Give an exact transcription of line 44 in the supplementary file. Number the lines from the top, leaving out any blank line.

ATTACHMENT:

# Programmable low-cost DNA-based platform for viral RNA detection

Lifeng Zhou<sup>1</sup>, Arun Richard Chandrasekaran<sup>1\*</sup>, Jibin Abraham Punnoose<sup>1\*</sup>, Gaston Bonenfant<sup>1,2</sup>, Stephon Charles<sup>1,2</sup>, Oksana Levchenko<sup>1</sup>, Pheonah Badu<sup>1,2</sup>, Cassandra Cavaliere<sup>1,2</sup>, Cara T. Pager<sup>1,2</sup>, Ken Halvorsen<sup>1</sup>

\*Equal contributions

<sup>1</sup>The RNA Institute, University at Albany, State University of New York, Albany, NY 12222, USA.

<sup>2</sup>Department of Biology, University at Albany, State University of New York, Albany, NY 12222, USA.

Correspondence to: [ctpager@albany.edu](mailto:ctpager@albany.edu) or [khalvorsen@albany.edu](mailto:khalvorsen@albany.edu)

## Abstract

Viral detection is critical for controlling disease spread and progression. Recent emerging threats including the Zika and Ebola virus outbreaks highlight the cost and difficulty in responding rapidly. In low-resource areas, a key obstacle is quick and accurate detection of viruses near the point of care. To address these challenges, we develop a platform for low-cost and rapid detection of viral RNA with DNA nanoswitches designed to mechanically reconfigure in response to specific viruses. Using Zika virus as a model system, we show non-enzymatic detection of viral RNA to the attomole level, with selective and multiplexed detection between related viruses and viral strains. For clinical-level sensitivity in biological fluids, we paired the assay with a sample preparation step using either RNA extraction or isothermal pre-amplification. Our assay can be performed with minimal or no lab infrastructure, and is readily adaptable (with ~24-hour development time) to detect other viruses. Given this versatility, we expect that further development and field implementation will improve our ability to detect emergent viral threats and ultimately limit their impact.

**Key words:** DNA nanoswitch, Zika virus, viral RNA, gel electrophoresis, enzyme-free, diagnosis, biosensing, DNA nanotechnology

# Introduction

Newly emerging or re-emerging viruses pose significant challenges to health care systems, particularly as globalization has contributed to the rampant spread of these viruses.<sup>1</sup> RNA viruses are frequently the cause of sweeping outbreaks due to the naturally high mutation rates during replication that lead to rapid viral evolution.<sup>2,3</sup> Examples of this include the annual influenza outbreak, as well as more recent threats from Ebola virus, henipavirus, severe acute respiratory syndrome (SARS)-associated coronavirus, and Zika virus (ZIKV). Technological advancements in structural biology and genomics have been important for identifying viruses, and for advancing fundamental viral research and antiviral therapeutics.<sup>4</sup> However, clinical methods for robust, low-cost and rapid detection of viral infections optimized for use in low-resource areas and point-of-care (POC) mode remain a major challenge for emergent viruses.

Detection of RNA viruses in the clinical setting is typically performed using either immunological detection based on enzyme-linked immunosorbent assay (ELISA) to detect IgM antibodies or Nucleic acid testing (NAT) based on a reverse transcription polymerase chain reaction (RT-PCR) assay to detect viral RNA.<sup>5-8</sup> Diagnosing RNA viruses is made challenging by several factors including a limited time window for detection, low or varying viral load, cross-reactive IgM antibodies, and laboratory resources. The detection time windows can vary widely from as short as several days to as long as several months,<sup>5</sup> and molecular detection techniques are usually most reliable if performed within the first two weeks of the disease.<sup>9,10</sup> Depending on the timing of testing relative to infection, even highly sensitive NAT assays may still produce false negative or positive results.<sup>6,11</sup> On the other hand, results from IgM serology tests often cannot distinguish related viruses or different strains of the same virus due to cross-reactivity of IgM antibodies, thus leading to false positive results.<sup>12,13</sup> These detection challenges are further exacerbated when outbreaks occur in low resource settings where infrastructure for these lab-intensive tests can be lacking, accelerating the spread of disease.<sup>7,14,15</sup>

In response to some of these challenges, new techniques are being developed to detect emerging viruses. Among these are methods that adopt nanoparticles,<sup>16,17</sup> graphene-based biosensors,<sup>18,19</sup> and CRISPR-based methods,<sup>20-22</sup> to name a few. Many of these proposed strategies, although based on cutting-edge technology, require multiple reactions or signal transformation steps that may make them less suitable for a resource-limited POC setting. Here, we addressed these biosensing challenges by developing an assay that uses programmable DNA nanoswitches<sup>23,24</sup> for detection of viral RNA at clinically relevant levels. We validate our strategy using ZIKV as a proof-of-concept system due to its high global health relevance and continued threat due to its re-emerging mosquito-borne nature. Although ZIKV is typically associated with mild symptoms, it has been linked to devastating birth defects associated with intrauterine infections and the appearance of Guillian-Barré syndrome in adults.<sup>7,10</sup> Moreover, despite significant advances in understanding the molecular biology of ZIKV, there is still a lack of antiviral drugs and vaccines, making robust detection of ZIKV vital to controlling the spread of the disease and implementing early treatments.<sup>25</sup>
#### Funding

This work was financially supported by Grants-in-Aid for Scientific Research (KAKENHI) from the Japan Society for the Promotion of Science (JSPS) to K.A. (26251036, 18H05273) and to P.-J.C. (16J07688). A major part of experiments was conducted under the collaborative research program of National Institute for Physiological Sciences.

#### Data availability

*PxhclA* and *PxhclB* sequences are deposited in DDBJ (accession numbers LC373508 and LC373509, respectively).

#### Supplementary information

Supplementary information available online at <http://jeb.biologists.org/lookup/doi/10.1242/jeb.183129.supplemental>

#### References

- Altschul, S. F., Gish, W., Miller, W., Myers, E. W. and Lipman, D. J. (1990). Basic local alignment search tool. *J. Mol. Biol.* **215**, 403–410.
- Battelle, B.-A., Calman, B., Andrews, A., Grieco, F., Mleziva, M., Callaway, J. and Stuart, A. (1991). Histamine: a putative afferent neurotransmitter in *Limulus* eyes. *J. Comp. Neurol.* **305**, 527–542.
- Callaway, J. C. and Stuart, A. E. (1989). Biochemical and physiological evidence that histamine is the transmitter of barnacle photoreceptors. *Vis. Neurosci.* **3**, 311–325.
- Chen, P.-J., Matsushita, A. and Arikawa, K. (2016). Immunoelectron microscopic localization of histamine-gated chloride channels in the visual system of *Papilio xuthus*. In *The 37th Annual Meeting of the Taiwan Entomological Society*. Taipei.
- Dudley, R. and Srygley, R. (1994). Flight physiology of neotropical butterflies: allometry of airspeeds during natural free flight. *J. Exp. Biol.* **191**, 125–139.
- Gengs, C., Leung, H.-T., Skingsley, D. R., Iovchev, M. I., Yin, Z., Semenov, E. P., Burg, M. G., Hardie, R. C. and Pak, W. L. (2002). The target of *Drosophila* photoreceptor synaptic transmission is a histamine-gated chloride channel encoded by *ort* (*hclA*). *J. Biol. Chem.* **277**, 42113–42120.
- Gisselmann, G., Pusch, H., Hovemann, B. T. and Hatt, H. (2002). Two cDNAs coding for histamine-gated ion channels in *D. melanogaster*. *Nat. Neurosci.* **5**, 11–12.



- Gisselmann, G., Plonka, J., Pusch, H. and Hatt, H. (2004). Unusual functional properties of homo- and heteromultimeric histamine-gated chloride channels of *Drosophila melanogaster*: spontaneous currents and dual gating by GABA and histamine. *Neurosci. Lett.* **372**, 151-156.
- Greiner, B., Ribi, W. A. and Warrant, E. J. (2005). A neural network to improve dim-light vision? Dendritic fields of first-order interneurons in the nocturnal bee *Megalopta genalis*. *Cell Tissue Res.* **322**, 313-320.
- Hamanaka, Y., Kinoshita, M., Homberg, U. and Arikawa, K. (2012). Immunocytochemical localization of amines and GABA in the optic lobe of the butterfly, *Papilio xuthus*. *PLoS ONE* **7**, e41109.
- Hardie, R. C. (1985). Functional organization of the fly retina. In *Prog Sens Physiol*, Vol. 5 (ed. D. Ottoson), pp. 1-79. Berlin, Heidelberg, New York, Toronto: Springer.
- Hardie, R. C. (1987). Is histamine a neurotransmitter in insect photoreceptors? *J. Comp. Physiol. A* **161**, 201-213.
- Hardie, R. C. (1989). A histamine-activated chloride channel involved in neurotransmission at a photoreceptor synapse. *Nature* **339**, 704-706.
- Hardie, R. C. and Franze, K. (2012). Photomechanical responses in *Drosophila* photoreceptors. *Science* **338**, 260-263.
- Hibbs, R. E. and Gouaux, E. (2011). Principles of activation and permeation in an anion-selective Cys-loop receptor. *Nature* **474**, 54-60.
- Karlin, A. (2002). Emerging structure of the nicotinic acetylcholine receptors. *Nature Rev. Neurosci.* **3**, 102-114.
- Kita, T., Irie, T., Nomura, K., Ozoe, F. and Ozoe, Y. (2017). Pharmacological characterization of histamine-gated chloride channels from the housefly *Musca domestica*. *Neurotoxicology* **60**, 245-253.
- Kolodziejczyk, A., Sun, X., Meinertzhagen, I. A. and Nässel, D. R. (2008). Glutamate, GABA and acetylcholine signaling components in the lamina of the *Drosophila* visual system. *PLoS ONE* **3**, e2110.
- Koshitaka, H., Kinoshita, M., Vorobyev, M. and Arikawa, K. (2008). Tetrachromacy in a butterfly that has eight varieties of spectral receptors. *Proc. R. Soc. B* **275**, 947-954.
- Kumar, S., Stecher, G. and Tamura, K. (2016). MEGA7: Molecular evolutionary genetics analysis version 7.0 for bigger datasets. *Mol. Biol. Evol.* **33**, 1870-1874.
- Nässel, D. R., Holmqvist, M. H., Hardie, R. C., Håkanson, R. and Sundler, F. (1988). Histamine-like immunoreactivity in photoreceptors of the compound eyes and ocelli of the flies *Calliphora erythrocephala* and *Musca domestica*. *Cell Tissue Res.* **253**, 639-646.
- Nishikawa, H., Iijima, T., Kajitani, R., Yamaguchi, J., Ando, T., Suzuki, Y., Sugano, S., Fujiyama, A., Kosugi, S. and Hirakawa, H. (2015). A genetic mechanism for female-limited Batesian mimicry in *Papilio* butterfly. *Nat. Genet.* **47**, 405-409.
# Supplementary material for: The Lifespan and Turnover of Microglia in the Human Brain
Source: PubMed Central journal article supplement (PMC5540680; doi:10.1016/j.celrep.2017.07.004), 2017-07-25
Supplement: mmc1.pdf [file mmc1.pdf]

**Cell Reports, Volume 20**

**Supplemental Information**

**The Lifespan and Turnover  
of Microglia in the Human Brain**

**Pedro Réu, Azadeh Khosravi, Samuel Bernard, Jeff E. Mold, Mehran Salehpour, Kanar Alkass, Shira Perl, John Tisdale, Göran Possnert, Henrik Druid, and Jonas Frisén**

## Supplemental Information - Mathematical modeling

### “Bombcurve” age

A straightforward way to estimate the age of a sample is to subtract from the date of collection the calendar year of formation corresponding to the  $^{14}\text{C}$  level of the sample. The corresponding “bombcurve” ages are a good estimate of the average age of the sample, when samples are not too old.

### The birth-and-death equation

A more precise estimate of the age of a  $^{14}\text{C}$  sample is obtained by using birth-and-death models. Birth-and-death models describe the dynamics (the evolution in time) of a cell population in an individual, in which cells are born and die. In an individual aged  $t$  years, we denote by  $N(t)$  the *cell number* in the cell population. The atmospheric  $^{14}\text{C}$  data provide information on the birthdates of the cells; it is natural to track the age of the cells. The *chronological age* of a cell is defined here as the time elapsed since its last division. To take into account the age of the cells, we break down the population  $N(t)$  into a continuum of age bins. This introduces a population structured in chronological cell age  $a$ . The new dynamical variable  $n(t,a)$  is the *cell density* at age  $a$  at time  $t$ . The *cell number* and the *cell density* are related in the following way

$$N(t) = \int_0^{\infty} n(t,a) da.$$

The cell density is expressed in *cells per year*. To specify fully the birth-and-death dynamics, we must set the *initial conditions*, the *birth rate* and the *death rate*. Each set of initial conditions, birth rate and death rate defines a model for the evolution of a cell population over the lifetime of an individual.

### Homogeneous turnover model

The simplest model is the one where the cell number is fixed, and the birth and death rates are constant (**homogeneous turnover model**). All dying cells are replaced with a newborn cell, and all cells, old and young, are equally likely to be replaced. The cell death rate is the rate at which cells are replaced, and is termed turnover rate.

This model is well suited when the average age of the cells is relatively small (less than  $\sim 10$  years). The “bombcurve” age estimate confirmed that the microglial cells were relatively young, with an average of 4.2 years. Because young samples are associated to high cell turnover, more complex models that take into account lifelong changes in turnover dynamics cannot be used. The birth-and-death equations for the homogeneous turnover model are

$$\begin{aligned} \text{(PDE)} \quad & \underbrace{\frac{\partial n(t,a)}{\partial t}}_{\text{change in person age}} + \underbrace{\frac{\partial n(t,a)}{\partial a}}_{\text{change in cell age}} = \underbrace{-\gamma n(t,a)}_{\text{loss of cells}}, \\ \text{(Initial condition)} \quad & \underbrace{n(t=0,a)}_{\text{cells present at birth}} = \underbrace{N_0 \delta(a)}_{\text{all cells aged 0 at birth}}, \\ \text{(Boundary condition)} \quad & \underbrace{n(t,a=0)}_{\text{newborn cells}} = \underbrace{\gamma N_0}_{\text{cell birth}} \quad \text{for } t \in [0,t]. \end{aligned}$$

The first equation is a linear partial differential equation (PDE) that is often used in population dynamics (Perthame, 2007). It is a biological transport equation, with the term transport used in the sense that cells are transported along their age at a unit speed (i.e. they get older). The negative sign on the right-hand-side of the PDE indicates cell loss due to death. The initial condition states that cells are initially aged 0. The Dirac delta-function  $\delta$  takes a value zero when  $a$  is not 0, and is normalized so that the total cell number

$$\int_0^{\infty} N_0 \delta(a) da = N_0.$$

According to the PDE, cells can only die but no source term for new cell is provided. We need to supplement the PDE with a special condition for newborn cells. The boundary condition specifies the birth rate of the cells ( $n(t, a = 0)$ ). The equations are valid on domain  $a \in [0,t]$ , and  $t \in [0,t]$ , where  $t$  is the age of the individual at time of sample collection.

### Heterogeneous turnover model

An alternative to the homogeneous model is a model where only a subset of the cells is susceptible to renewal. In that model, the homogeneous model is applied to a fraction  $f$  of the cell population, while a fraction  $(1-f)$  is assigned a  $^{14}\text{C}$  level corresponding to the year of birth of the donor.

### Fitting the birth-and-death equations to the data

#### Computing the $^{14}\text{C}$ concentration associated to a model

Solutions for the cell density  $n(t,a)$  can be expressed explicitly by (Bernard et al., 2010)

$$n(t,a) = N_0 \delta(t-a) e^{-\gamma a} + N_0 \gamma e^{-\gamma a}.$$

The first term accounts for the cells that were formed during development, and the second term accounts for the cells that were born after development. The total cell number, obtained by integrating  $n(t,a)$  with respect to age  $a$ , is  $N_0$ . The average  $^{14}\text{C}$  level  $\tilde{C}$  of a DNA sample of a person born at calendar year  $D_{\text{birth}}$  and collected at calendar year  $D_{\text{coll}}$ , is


Source: PubMed Central journal article supplement (PMC5540680; doi:10.1016/j.celrep.2017.07.004), 2017-07-25